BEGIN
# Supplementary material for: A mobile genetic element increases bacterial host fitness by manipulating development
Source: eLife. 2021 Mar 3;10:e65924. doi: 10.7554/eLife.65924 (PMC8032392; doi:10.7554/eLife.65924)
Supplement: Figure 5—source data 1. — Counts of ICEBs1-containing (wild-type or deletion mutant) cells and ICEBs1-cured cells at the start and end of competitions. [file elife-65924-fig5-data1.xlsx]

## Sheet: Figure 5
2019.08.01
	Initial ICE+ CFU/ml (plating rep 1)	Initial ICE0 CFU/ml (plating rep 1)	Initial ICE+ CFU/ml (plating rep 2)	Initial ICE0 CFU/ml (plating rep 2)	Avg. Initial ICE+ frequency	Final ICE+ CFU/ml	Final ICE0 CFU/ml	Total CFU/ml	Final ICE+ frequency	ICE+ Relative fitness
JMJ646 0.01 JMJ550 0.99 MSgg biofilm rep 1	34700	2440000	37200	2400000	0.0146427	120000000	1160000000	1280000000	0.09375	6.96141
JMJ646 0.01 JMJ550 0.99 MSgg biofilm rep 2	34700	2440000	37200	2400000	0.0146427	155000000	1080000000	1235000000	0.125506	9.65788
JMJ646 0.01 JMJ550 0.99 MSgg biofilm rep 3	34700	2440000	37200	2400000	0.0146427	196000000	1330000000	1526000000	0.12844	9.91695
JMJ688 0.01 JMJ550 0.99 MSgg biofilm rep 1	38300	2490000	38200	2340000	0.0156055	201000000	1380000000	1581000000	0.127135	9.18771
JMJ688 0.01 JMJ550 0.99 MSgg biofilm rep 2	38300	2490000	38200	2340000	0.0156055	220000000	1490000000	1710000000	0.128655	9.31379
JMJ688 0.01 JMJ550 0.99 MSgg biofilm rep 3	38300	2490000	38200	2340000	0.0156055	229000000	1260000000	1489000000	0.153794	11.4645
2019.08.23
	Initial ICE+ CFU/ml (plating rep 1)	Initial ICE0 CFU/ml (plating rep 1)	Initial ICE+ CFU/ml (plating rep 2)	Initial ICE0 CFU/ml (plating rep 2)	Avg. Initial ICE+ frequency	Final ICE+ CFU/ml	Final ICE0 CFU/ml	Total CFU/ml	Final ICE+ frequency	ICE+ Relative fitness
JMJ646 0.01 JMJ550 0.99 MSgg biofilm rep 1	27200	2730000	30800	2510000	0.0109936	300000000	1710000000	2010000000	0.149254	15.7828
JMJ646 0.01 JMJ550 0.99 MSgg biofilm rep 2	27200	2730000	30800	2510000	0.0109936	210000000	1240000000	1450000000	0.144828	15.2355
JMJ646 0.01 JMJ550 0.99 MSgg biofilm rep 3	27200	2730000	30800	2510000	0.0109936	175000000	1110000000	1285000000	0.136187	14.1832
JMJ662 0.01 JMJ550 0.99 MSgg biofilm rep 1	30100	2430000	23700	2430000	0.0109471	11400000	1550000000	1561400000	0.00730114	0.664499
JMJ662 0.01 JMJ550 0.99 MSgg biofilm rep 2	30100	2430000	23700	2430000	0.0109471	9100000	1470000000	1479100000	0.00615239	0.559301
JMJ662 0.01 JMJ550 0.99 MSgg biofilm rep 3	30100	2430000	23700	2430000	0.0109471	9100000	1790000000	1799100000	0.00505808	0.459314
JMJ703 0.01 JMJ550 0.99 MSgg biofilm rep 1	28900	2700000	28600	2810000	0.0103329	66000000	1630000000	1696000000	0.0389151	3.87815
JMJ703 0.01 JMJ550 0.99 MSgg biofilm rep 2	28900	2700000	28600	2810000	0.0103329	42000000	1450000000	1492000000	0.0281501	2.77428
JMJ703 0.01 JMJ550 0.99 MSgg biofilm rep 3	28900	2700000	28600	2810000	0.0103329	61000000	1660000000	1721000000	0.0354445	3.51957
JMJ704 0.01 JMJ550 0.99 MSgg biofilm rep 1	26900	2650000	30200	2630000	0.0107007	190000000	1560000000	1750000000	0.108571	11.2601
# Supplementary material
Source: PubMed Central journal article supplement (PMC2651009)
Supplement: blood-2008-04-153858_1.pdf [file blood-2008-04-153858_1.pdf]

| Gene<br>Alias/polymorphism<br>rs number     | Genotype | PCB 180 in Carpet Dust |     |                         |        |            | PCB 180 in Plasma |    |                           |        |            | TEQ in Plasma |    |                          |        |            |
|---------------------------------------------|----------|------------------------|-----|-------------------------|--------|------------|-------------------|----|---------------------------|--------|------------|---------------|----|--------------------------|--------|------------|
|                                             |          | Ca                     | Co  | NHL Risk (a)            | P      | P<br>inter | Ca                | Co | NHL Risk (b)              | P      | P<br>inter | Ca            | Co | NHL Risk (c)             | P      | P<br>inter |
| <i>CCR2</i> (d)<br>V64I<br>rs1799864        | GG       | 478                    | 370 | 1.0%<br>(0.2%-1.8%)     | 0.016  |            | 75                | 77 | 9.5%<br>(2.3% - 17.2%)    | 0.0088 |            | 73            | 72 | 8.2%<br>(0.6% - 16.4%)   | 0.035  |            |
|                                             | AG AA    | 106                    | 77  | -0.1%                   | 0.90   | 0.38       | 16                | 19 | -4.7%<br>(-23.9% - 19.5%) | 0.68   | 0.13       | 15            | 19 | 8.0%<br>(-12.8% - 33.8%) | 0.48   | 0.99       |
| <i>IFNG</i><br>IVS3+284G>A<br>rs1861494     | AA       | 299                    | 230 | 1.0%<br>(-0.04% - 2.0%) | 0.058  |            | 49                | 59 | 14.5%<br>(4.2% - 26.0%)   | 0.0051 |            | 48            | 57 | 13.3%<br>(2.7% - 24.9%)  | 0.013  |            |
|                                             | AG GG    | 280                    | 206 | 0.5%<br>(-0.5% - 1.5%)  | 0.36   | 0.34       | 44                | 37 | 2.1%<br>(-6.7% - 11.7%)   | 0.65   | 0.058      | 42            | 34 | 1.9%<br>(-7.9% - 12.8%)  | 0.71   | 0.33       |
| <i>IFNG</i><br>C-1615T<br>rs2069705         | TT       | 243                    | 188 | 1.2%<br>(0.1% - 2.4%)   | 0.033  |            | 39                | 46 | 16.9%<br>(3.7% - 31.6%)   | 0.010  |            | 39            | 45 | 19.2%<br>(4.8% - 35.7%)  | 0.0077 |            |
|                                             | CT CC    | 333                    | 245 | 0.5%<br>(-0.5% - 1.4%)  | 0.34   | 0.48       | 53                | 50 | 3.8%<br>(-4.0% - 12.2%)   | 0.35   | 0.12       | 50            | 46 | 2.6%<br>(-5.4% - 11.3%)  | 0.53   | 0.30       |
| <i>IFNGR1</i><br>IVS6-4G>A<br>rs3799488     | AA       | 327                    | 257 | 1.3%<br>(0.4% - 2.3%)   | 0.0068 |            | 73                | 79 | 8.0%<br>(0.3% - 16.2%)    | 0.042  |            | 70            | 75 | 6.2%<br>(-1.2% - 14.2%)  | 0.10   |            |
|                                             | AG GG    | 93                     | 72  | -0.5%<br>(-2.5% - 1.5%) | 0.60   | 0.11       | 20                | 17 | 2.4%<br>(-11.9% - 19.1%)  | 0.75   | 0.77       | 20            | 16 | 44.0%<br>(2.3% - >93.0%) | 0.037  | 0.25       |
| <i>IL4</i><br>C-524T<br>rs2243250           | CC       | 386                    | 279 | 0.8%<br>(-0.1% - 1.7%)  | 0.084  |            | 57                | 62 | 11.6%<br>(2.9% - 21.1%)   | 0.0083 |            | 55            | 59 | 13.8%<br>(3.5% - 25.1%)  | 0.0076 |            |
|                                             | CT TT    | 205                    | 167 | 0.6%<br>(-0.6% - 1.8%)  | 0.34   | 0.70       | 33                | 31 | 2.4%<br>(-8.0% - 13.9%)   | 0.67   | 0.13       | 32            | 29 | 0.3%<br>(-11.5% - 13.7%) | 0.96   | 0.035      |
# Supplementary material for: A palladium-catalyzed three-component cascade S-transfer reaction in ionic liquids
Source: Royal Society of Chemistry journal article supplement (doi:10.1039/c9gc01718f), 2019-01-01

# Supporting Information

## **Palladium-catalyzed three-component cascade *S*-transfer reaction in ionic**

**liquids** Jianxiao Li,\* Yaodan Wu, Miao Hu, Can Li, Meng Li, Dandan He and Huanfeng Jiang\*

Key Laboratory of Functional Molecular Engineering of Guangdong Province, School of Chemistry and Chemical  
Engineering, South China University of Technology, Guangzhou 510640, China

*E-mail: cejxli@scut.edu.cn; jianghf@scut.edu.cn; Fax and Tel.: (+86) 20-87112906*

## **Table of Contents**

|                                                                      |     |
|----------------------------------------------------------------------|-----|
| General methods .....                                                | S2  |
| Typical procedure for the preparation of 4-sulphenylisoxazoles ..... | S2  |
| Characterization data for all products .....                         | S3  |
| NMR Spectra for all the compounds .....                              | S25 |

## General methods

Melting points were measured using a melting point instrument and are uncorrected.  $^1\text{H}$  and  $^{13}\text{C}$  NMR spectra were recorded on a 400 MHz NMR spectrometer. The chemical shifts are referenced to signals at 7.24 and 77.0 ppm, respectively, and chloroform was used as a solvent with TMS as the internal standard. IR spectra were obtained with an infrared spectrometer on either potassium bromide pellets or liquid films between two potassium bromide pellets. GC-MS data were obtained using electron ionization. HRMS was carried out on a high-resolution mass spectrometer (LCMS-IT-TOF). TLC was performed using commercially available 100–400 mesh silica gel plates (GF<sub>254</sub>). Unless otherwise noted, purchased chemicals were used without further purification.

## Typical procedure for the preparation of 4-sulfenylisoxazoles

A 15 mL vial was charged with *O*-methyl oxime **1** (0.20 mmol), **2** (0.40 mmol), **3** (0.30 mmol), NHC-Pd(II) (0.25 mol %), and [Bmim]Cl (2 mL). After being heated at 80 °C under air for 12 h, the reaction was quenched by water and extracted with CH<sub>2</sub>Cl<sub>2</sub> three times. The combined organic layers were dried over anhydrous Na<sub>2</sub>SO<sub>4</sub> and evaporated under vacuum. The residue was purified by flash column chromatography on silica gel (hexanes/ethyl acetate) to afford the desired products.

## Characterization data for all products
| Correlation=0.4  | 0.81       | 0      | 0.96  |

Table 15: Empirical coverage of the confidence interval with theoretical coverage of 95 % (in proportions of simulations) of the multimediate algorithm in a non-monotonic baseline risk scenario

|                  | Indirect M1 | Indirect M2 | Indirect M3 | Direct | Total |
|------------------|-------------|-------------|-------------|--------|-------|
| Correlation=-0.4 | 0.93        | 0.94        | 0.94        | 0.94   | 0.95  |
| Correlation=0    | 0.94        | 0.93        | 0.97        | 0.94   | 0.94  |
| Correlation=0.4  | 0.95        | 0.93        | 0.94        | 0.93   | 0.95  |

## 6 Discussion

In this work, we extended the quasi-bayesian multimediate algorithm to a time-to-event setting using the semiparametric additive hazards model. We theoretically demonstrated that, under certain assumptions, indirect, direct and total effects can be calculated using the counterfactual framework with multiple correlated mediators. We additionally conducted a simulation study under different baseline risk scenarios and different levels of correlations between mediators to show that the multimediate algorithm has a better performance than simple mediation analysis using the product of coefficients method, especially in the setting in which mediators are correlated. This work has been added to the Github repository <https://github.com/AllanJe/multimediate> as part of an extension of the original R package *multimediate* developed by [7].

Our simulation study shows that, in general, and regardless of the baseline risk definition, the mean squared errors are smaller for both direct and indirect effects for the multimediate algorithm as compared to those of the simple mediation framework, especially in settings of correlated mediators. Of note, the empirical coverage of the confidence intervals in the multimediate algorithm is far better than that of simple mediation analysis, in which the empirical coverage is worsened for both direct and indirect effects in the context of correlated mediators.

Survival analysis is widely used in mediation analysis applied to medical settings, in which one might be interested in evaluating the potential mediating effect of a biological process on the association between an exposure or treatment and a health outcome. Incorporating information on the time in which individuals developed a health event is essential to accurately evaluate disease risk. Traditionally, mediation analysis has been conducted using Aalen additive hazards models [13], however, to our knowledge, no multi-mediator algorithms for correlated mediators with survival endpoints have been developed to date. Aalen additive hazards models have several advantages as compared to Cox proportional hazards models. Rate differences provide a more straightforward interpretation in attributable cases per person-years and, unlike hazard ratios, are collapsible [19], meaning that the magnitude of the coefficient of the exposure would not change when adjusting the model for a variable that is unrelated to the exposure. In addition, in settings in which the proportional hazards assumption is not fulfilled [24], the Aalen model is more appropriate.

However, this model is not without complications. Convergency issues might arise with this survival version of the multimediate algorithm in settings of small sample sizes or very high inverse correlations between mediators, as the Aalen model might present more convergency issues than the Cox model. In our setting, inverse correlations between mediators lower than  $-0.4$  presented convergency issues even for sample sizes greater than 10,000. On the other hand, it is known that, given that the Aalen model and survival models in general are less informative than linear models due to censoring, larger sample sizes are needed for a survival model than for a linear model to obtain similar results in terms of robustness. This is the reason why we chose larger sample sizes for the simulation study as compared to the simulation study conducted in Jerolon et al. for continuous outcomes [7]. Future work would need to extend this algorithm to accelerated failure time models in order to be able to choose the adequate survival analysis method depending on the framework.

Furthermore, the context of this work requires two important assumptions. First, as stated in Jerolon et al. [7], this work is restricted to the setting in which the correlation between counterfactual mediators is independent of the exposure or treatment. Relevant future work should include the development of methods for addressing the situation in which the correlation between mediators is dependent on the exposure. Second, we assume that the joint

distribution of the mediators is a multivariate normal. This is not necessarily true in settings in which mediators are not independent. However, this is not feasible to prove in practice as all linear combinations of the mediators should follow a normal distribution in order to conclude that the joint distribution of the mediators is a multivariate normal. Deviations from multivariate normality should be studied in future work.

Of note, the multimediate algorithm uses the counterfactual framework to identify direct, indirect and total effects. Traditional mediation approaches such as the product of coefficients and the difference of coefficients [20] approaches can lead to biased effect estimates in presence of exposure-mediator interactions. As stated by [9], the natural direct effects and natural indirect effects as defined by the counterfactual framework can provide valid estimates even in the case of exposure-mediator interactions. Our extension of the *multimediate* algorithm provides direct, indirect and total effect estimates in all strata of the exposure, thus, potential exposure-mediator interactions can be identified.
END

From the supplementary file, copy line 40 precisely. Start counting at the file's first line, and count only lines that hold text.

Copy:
|                                             | CT TT    | 205                    | 167 | 0.6%<br>(-0.6% - 1.8%)  | 0.34   | 0.70       | 33                | 31 | 2.4%<br>(-8.0% - 13.9%)   | 0.67   | 0.13       | 32            | 29 | 0.3%<br>(-11.5% - 13.7%) | 0.96   | 0.035      |